Probate Basics

When a person dies, his loved ones often discover that some or all of the decedent’s property cannot be transferred to the heirs or beneficiaries without a court order.  The process of obtaining the appropriate court authorization is called “probate.”  While it is important to have an attorney familiar with probate law to assist and advise with probate, it is also helpful and often comforting to have some background on the general nature of the probate process.  One source for that general knowledge is found in the Estate Planning for Dummies book.

For dummiesThe following is just an excerpt from a website article titled “Probing Probate: What You Should Know” by N. Brian Caverly, Esq. and Jordan S. Simon from Estate Planning For Dummies.

Probate is a term that is used in several different ways. Probate can refer to the act of presenting a will to a court officer for filing — such as, to “probate” a will. But in a more general sense, probate refers to the method by which your estate is administered and processed through the legal system after you die.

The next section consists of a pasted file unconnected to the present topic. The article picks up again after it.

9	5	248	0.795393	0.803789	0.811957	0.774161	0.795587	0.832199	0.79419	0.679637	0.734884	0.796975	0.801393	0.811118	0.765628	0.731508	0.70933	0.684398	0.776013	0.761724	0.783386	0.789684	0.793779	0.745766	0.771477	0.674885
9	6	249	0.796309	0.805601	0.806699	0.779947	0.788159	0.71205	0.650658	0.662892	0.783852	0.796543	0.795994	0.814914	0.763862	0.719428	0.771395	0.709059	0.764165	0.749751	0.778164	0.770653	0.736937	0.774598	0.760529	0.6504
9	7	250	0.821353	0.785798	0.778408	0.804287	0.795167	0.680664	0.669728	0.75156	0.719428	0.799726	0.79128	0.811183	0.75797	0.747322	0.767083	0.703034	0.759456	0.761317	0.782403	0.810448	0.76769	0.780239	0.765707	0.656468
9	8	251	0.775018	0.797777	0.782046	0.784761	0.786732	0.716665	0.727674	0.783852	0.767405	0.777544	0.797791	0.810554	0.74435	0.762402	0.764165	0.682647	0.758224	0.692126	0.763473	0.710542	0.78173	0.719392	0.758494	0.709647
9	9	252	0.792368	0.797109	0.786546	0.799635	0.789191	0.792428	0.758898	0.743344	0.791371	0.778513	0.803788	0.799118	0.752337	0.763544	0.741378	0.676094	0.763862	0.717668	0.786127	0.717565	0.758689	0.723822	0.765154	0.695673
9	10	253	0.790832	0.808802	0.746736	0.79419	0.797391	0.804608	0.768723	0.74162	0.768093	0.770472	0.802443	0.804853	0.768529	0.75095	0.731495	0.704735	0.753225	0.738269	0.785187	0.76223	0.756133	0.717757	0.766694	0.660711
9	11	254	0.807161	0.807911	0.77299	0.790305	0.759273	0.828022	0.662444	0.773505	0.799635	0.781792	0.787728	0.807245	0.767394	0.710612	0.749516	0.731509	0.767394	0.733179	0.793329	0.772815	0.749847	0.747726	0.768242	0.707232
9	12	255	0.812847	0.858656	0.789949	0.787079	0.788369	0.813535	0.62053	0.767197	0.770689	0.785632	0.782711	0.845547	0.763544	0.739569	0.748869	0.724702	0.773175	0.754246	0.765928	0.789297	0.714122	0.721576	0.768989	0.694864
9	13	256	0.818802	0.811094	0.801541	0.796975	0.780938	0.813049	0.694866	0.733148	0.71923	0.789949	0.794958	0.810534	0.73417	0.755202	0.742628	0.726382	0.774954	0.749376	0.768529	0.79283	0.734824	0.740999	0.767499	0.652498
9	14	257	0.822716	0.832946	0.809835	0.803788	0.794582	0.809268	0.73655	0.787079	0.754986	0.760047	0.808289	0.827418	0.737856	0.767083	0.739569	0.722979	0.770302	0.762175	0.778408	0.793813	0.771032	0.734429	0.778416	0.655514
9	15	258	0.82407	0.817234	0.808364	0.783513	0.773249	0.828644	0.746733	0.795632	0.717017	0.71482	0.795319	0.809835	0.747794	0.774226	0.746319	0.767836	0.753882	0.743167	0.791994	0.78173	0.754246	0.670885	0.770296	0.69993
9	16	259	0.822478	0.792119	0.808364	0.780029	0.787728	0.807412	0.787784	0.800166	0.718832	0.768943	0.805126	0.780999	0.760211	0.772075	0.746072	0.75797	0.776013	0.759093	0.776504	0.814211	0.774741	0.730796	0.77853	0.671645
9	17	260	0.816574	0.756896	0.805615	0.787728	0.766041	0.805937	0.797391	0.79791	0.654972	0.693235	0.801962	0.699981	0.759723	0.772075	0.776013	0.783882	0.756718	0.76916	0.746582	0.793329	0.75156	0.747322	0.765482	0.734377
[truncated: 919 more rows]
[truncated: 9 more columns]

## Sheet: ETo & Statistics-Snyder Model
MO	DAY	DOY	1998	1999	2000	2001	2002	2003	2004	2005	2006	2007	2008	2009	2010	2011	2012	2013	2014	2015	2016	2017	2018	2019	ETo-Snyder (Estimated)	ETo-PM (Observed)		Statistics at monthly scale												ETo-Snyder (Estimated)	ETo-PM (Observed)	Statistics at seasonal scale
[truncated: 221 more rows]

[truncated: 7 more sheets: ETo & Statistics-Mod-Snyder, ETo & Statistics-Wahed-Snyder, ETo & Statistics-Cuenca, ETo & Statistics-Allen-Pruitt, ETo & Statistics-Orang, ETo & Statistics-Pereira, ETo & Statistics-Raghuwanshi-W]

The probate process helps you transfer your estate in an orderly and supervised manner. Your estate must be dispersed in a certain manner (your debts and taxes paid before your beneficiaries receive their inheritance, for example). Think of the probate process as the “script” that guides the orderly transfer of your estate according to the rules. (For more info, see What’s a Probate Estate All About?)

Many people think that probate applies to you only if you have a will. Wrong! Your estate will be probated whether or not you have a will.

With a valid will: If you have a valid will, then your will determines how your estate is transferred during probate and to whom.

Without a valid will: If you don’t have a will, or if you die partially intestate, where only part of your estate is covered by a valid will, the laws where you live specify who gets what parts of your estate.

Go to the link to read the entire article.  But be sure to hire a qualified probate attorney before you try to actually begin the probate process.  Even if a formal legal proceeding is not needed, many fine the advice and assistance of a probate attorney is invaluable in administering a decedent’s estate.

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